Wildcat strikes that disrupted dozens of Air Canada flights ended on Friday when ground crews at airports in Toronto and Montreal returned to work, their union said.
The strikes were triggered on Thursday evening when Air Canada suspended three ground workers in Toronto allegedly for clapping derisively at Canada’s labour minister as she walked through Pearson Airport. The impromptu work stoppage later spread to baggage handlers at Montreal’s Trudeau Airport and briefly to Vancouver Airport.
The minister has become the public face of the Conservative government’s efforts to prevent any disruption of Air Canada service because of disputes between the airline and its unions. Ottawa maintains that any work stoppage would harm Canadians and hold back a still-recovering economy.
Earlier this month the government enacted a law sending the airline’s separate disputes with the machinists and its pilots to binding arbitration. That prevents the machinists from carrying out a strike threat, and the airline from possibly locking out the pilots.
Under the circumstances, said George Smith, a Queen’s University labour relations expert and former Air Canada executive, the airline could face more disruptions.
“I also see it happening in more subtle ways until things are resolved – employees can work to rule, they can not work overtime,” Smith said.
Airport operations are returning to normal, said Air Canada, which does not expect further disruption.
“We have the injunction now and we would expect that it will be obeyed and there’s not going to be any more issues like that,” said spokesman Peter Fitzpatrick.
The wildcat strikes ended after a Friday morning arbitration meeting in which Air Canada agreed to reinstate 37 employees who had walked off the job to protest the suspension of three co-workers.
The three workers accused of harassing Raitt remain suspended with pay, pending an investigation, and could face more penalties, said International Association of Machinists and Aerospace Workers spokesman Bill Trbovich.
At mid-day message boards at the airport continued to warn passengers of delays and cancellations for Air Canada flights. Pearson’s website said 82 Air Canada flights had been cancelled and 37 were delayed.
Dan Giosa, a machinist union member at Pearson, said he wasn’t working his shift on Friday because he was angry at Air Canada. He said he was unable to make ends meet on his current wages and recently had to move back into his parents’ home because he could not get a mortgage.
“Eventually I have to get back to work, I’ve got no choice. I do work for a living,” he said.
While some passengers at Pearson expressed anger at union workers, notably a man who was photographed spitting in the face of a baggage handler, others were sympathetic.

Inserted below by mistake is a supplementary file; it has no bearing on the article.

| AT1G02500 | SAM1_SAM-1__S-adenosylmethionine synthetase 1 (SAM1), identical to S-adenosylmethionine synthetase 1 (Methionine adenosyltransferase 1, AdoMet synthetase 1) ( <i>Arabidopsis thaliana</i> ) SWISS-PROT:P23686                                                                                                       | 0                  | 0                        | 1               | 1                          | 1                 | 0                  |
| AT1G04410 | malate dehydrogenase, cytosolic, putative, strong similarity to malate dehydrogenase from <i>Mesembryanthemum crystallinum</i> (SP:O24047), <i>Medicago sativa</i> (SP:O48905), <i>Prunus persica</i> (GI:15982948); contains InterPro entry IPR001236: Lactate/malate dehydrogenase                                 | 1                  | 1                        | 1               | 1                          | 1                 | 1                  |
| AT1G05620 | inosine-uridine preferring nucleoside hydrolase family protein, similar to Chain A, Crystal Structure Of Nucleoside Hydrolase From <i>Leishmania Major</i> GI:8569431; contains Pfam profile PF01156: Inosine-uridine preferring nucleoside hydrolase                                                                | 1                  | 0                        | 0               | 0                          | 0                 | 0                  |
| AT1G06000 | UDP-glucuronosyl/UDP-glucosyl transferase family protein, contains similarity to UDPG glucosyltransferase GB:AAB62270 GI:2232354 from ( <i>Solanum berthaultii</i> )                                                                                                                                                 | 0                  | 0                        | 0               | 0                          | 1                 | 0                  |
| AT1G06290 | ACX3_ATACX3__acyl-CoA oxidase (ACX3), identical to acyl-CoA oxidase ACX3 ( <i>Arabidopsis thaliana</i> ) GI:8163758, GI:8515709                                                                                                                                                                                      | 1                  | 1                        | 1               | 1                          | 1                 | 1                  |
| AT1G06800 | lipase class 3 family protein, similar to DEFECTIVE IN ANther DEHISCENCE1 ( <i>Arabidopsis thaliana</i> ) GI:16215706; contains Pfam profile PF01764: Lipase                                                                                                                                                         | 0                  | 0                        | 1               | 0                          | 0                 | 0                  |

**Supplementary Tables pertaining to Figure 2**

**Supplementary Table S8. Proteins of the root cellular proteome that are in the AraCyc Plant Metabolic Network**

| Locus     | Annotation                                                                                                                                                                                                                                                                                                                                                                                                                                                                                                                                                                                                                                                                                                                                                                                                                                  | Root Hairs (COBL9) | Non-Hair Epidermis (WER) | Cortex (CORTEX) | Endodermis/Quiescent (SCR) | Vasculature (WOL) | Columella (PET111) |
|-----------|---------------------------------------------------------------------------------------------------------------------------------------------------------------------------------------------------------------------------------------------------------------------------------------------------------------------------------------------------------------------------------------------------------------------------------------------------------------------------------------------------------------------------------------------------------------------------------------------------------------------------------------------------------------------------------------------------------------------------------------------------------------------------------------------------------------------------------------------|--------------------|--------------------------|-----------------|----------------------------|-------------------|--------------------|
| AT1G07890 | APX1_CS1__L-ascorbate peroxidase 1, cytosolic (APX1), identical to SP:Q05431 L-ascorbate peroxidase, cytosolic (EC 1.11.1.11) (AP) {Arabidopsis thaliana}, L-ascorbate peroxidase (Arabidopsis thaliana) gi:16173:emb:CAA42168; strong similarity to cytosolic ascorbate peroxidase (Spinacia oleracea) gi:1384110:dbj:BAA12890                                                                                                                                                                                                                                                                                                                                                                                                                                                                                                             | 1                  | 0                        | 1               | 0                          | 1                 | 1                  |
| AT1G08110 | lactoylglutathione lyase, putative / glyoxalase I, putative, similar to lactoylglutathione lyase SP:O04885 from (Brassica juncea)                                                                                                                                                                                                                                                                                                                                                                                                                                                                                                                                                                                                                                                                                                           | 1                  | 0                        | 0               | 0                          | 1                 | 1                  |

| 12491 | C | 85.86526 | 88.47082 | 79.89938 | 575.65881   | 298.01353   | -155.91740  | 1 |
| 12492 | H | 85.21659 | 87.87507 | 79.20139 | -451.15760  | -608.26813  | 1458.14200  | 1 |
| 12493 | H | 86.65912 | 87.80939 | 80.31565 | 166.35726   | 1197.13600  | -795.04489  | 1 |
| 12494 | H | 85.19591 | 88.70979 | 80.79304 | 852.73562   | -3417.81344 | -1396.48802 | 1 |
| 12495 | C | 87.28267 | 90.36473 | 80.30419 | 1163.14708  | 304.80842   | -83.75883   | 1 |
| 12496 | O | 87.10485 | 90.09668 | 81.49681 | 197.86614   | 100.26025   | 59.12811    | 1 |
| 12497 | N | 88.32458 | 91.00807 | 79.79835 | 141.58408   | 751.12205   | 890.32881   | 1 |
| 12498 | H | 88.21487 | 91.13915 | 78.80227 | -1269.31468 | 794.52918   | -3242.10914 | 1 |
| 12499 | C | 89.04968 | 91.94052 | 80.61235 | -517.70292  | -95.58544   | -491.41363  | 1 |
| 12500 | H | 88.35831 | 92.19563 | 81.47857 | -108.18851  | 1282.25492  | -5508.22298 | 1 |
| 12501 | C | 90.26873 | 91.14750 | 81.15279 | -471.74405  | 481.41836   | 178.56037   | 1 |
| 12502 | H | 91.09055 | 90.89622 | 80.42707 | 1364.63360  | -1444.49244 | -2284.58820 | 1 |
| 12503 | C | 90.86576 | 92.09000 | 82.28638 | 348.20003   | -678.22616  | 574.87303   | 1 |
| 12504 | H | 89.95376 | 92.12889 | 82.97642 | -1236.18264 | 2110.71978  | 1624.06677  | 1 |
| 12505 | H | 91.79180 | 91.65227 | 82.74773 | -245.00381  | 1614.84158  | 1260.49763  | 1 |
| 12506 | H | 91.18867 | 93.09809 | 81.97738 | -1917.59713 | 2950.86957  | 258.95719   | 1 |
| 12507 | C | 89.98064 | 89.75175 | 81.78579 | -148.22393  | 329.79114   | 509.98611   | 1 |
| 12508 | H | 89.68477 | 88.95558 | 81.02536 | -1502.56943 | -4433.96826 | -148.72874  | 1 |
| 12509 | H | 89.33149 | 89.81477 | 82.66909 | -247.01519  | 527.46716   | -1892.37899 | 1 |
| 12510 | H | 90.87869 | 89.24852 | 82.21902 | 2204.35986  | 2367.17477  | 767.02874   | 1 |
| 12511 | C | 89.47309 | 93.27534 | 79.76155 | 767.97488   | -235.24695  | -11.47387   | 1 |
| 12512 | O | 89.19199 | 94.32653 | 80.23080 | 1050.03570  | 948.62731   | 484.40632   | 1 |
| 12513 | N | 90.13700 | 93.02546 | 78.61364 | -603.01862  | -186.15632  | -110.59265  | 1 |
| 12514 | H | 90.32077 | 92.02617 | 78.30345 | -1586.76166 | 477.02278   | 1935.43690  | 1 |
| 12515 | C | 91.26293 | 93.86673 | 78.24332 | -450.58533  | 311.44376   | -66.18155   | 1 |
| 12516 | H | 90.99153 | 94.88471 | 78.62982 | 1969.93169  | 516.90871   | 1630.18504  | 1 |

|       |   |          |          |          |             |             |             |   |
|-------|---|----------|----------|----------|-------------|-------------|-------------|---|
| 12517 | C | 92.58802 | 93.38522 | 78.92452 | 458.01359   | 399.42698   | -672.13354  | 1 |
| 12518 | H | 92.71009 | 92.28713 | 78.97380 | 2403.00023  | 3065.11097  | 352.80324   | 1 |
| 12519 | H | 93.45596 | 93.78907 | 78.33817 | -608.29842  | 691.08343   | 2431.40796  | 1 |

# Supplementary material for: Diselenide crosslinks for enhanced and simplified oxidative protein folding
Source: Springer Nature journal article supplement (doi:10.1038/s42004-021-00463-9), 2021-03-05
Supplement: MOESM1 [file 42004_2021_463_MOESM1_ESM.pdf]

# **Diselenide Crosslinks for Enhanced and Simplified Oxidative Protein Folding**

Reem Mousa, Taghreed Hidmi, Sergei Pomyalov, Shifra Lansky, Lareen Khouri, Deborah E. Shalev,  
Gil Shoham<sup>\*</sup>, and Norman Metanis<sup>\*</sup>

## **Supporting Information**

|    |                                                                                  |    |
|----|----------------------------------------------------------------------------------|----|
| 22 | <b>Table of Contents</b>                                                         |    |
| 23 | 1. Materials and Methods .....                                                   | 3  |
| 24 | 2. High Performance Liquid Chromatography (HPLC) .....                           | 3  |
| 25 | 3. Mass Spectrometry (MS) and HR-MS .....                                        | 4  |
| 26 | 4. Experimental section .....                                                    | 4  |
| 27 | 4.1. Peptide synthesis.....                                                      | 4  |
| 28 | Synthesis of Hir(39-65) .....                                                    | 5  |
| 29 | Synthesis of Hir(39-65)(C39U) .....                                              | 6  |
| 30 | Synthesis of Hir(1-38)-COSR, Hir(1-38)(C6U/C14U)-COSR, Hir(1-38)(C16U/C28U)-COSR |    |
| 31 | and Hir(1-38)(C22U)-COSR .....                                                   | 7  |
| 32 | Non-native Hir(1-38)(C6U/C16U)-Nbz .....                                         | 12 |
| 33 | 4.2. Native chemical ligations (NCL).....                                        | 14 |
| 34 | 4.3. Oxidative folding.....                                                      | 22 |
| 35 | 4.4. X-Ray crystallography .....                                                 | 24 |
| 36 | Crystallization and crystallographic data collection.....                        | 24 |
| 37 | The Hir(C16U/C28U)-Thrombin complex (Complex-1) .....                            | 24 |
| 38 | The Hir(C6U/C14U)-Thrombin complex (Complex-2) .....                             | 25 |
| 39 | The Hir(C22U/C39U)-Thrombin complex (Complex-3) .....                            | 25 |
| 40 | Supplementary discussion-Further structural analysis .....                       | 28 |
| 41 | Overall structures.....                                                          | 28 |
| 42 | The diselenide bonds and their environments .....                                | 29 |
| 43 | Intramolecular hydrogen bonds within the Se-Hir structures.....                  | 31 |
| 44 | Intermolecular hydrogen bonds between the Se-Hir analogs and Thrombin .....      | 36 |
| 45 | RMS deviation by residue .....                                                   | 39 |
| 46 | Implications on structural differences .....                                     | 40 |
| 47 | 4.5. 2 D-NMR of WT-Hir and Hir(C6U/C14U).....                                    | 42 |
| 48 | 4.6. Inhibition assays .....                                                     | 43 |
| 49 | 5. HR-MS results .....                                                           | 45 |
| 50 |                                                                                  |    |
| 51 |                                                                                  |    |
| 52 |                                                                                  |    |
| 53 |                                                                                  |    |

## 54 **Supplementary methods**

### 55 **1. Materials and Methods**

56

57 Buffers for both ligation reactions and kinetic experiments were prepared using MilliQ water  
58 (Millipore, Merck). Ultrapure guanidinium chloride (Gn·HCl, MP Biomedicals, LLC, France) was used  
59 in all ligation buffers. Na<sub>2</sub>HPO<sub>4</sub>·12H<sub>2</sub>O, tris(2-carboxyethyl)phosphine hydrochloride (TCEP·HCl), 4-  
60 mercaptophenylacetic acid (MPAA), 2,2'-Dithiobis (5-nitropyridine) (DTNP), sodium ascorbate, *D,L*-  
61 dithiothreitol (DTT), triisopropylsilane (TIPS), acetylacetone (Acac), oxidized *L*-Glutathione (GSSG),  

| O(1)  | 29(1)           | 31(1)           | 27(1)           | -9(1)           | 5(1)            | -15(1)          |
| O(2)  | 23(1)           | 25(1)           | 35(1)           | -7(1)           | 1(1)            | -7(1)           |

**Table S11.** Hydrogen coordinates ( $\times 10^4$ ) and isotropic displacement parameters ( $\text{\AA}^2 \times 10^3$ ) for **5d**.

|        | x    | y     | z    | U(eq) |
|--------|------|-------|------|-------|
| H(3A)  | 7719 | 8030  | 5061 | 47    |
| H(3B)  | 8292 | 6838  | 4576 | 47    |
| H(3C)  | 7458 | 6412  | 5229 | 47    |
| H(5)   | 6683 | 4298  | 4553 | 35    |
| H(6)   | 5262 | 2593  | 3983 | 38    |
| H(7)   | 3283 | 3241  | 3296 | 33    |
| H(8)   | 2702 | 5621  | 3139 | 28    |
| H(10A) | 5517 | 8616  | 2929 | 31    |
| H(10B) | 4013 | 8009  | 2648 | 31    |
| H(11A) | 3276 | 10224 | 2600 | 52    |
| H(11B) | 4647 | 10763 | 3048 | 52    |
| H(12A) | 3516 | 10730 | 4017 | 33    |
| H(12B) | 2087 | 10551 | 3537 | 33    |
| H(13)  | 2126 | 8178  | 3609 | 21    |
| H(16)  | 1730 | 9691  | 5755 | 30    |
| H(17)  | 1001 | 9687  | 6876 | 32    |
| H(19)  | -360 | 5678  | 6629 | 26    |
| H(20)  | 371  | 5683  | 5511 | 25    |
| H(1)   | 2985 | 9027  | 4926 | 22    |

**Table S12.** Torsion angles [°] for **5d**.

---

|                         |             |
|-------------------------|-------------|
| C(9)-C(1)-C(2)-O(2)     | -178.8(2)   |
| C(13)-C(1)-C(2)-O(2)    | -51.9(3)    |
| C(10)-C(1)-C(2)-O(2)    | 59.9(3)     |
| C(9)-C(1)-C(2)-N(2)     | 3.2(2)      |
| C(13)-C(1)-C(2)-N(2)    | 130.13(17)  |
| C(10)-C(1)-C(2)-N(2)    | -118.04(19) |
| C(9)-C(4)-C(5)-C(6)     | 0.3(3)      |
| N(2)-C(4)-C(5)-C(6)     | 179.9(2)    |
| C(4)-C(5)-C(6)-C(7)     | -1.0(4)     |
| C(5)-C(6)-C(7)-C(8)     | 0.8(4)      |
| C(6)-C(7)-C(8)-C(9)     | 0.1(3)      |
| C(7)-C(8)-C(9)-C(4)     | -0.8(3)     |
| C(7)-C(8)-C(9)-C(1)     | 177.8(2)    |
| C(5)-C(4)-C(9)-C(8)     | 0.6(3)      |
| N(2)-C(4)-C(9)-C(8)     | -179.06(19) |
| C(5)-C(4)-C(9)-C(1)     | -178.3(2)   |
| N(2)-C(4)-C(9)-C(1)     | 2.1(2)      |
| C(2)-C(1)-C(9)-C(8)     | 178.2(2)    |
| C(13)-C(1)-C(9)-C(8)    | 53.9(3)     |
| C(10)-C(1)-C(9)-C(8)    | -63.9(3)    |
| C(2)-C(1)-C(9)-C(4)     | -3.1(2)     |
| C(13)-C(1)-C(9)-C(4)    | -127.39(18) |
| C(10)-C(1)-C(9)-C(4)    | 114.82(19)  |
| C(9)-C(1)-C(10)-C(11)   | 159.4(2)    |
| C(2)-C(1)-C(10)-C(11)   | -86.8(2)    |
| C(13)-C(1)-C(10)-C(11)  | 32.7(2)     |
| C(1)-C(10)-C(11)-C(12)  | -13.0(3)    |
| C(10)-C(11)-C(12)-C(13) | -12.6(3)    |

Gerry Rogers, a provincial legislator returning to collect baggage on Friday morning after a futile two-hour wait on Thursday night, said the ground crew suspension seemed “heavy-handed.”
“I think the workers would rather be at work… but the federal government has basically thrown away the rule book,” said Rogers, a New Democratic Party member of the Newfoundland and Labrador legislature. The federal NDP, the official opposition party, is holding its leadership convention in Toronto over the weekend.
Raitt, who has taken a lead role in the government’s efforts to prevent labour strife from grounding Air Canada, wasted little time on Friday morning in warning the wildcat strikers to get back to work.
She said that law enforcement authorities could step in to deal with the strike if workers continue to disrupt services.
“The government of Canada is opposed to this illegal strike action that is disrupting travel for Canadians,” said Raitt in a statement.
If the union’s job action was later ruled by the Canada Industrial Relations Board to be an illegal strike, she said, employees could face fines up to CAD$1,000 a day, and the union up to CAD$100,000 a day.
But a spokesman for the board said it had never received an application regarding the wildcat strike.
Before the legislation Raitt pushed through earlier this month, she took the extra step of asking the CIRB to decide whether Air Canada is a service essential for Canadians’ health and safety. That essentially blocks either a strike or lockout until the board issues a ruling, and that is expected to take months.
By pre-empting collective bargaining, government intervention has prevented Air Canada and the union from reaching long-lasting labour agreements, Smith said.
“The blunt instrument of legislation ignores the realities of the workplace and as bad as the adversarial system sounds to some people, the fact is that it actually resolves differences,” he said.
The wildcat strikes on Friday and a spate of sick leave taken by pilots last weekend makes matters worse than a short-term strike, he said, because it creates uncertainty for the airline and its passengers.